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2010 has been a fantastic year.

And if I could summarize it with just one word, it would be this: travel.

Las Vegas not once, but twice. Twice to DohaQatar, too. Colorado, Kansas and Chicago. Summer through Spain and Morocco, in Paris, LondonEdinburgh, and Toronto, and across Ireland. Phew!

Along the way, I ate, I drank, I laughed and I loved.

And then, come the fall, I returned to school, to the kitchen, to chase down a dream.

Yes, 2010 was a pretty good year. And while I doubt 2011 will look anything like it, I’m hopeful it will be as exciting — replete with new sights, new sounds, new tastes, new adventures.

Onward.

After almost a week in the Emerald Isle, I returned to London, my friends’ lovely flat, and a readily-accessible laundry machine.

Like before, tourism wasn’t at the top of my agenda. No, again, I spent my time relaxing, recharging and reading. However, I did manage to squeeze in a few museums — and why not, since London has so many.

Top of my list: Sir John Soane’s Museum. What a gem! If you ever find yourself in London, I highly recommend this eclectic little number. You won’t be disappointed.

Also on tap: Tate Britain. (I figured, since I’d been to Tate Modern during my last stint in London, I ought to round out my tour of Tate with the one that started it all.)

Other than that, as before, I did precious little and was happy for it. Even better: by week’s end, I was ready for the final leg of my two-month adventure: Edinburgh.

So much Guinness! So many cows!

The Emerald Isle—aptly named—is lovely, especially once you make it to the Atlantic coast and can truly appreciate the end-of-the-world-iness of the place.

Following a brief stint in London, I flew to Dublin to meet up with a cousin and her friend who had planned a little Irish getaway. Together, in just over a week, our travels, which began in the Irish capital, took us westward, first to Galway then to Doolin.

Dublin

Nice town; a Lilliputian London, really.

Looking back, I’d say, in the three days we were there, we managed to hit all the highlights (and some lowlights, too!) Of note were the Guinness Storehouse, honouring the man who started it all and celebrating his most glorious brew. We also visited the infamous Kilmainham Gaol, which was at once haunting and fascinating, and Trinity College, Dublin, wherein we glimpsed the Book of Kells, which was, if I’m being honest, an expensive disappointment.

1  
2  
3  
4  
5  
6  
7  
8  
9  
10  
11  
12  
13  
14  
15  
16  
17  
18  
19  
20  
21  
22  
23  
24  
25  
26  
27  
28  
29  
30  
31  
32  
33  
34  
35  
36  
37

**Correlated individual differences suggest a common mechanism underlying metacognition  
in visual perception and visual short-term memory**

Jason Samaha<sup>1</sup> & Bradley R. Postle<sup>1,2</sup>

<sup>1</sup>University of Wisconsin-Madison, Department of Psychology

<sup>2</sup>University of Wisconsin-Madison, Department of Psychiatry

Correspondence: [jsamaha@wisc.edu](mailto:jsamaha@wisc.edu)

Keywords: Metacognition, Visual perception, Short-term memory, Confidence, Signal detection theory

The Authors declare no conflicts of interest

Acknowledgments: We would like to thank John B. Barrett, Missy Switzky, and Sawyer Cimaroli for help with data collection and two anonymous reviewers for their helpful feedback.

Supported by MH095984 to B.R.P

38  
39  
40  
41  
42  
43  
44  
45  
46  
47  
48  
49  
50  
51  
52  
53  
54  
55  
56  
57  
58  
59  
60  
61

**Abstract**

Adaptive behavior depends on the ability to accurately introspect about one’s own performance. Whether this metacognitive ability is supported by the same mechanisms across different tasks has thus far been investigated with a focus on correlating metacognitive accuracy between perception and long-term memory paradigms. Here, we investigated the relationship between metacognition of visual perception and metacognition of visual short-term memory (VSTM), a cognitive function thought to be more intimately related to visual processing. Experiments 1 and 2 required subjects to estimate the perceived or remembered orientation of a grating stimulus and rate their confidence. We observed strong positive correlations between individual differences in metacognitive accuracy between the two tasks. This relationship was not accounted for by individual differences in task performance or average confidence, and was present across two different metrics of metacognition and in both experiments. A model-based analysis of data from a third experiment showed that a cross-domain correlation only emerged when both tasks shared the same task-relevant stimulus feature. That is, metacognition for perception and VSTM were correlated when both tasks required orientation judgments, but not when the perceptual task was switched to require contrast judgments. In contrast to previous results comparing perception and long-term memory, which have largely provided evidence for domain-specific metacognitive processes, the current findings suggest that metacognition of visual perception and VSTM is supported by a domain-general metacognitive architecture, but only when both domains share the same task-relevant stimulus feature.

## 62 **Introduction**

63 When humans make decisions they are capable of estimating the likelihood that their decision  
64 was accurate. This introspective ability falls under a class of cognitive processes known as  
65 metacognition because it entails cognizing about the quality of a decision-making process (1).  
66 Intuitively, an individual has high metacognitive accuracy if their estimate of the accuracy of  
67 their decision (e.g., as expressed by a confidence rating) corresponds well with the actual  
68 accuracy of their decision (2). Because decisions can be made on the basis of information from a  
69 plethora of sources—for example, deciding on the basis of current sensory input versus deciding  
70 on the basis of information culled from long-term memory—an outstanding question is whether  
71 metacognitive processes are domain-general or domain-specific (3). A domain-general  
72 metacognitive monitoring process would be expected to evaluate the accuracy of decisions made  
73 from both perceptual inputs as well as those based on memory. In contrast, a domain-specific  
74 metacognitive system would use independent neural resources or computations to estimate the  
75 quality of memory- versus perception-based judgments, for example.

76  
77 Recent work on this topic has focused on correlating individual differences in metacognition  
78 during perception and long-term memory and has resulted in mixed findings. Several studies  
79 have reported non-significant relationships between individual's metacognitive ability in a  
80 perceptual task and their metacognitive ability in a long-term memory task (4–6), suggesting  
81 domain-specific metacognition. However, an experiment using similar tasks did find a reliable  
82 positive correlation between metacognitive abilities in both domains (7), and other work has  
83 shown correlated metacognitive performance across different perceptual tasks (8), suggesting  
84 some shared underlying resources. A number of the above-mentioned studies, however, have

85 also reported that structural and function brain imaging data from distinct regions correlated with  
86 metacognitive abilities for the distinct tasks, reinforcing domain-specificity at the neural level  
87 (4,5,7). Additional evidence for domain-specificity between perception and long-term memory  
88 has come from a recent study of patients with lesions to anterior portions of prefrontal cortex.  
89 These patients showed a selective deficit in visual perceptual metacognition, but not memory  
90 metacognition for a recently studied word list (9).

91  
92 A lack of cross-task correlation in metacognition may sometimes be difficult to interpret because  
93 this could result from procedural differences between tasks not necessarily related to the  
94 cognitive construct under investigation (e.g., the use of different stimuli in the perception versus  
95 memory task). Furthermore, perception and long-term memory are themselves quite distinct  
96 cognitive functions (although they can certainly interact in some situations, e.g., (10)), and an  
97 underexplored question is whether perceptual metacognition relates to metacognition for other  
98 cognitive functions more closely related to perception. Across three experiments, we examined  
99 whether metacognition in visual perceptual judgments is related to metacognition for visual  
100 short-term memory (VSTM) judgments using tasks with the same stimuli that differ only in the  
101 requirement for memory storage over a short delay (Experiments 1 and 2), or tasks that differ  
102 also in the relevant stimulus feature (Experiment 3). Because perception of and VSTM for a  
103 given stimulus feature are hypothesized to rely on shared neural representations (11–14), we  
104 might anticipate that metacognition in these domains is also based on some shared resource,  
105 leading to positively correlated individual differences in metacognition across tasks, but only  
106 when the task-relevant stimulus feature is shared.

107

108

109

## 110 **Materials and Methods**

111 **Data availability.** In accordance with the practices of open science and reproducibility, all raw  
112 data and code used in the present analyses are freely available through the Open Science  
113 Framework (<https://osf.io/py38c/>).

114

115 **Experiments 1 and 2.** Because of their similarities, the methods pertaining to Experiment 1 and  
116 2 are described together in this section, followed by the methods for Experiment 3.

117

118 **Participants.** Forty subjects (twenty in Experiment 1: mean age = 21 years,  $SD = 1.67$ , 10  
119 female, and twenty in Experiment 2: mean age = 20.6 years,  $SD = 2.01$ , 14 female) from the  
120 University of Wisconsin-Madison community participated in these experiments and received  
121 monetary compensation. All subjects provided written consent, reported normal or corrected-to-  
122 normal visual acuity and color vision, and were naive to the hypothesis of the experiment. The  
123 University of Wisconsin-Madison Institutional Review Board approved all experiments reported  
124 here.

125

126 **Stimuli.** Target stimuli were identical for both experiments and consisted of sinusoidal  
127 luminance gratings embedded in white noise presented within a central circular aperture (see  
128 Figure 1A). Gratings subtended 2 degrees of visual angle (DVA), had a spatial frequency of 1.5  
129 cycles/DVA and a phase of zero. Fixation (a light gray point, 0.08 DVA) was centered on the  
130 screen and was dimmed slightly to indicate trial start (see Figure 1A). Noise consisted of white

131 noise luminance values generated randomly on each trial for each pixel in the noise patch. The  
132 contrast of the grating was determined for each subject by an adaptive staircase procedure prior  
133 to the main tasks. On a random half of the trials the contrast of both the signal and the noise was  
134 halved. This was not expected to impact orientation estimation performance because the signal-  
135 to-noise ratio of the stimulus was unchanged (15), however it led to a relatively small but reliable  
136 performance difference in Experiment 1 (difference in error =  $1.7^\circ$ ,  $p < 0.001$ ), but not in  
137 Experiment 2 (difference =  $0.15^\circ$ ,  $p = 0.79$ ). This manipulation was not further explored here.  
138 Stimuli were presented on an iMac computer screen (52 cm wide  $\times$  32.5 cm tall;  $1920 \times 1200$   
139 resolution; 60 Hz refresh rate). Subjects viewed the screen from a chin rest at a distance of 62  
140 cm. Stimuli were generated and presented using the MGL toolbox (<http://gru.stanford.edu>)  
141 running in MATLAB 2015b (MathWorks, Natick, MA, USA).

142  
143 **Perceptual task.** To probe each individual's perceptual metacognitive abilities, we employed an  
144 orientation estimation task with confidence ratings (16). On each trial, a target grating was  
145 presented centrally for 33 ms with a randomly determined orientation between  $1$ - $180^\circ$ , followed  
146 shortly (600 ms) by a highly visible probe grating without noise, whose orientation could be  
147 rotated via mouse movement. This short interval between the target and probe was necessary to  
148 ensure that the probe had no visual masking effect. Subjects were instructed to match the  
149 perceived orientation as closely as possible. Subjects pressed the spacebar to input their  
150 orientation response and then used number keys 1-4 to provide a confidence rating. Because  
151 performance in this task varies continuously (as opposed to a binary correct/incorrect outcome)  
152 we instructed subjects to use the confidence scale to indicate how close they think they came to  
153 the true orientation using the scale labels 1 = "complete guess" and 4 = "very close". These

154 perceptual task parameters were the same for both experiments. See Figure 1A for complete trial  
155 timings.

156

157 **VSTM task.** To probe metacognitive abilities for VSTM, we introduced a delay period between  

(It’s not that I don’t mind forking over cash to visit such places—I happily handed over oodles of Euros whilst in Paris for the pleasure—but I do think the cost should in some way reflect the… scope of the place.)

Anyway, after three days, and more pints of Guinness than I care to recount, we boarded a train for Galway, on the western coast of the island.

Galway

Unbeknownst to us, our visit to Galway coincided with the city’s eponymous races. Thankfully, we still managed to find ourselves a room in a quaint little place just steps from the town’s main square. Reminiscent of Fawlty Towers (sans Manuel, sadly), our hotel served as a perfect jumping off point from which to explore the city’s lovely, pedestrianized shopping district.

Of course, as we did in Dublin, we also took great delight in imbibing on the country’s most precious resource!

Doolin

What an adorable place!

Picturesque little Doolin, nestled on the coast, south of Galway in County Clare, became our home-away-from-home for the duration of our time in the country. And we couldn’t have asked for a nicer, cosier place to hang our hats than Lane Lodge.

For three days, we ate, drank, hiked, and boated… to the southernmost of the Aran Islands, Inisheer.

Without question, however, the most extraordinary part of our time in Doolin was spent admiring the breathtaking Cliffs of Moher—from both the sea and the land. Incredible.

Sadly, as with all things, my time in Ireland had to come to an end. London was calling, again; Edinburgh, too.

And so, I bid farewell to my cousin and her friend and, pack on back, made my way to Shannon International for a return flight to London.

I once again find myself sitting in the departure lounge of Winnipeg’s airport. Bags checked. Boarding pass in hand. The exhilaration of take-off awaits.

And this time, I’m flying up and away with no return date and only the flimsiest of itineraries.

I do know this much: from Winnipeg, I’m flying to Toronto; from Toronto, Barcelona by way of Brussels; I need to be in Casablanca on the 14th of July, Dublin on the 24th, and Edinburgh on the 7th of August.

Other than that? No plans.

Amazing.

I’m luckier still, since I won’t be on this adventure all by my lonesome; I’ll be with various friends along the way.

So, here’s to summer, to friends, to sunny days, to safe travels and to happy returns.

Cheers!